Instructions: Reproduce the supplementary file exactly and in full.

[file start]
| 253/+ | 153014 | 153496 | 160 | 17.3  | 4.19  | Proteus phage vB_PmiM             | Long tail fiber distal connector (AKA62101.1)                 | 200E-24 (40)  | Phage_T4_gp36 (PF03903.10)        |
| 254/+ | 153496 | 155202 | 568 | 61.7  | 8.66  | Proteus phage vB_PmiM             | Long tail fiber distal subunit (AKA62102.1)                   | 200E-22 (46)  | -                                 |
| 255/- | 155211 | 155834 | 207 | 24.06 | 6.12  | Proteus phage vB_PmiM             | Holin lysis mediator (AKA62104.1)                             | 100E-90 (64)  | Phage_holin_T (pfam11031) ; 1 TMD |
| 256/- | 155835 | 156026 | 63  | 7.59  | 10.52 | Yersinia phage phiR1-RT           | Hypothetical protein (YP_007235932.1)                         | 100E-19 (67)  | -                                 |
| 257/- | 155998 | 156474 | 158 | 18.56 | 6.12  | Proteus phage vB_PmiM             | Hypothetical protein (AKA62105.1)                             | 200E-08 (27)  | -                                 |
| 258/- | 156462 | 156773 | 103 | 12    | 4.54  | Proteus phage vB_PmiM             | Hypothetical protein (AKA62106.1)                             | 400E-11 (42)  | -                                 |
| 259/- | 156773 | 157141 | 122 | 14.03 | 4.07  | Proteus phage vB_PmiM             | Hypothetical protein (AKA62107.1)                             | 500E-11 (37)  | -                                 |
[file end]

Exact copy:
| 253/+ | 153014 | 153496 | 160 | 17.3  | 4.19  | Proteus phage vB_PmiM             | Long tail fiber distal connector (AKA62101.1)                 | 200E-24 (40)  | Phage_T4_gp36 (PF03903.10)        |
| 254/+ | 153496 | 155202 | 568 | 61.7  | 8.66  | Proteus phage vB_PmiM             | Long tail fiber distal subunit (AKA62102.1)                   | 200E-22 (46)  | -                                 |
| 255/- | 155211 | 155834 | 207 | 24.06 | 6.12  | Proteus phage vB_PmiM             | Holin lysis mediator (AKA62104.1)                             | 100E-90 (64)  | Phage_holin_T (pfam11031) ; 1 TMD |
| 256/- | 155835 | 156026 | 63  | 7.59  | 10.52 | Yersinia phage phiR1-RT           | Hypothetical protein (YP_007235932.1)                         | 100E-19 (67)  | -                                 |
| 257/- | 155998 | 156474 | 158 | 18.56 | 6.12  | Proteus phage vB_PmiM             | Hypothetical protein (AKA62105.1)                             | 200E-08 (27)  | -                                 |
| 258/- | 156462 | 156773 | 103 | 12    | 4.54  | Proteus phage vB_PmiM             | Hypothetical protein (AKA62106.1)                             | 400E-11 (42)  | -                                 |
| 259/- | 156773 | 157141 | 122 | 14.03 | 4.07  | Proteus phage vB_PmiM             | Hypothetical protein (AKA62107.1)                             | 500E-11 (37)  | -                                 |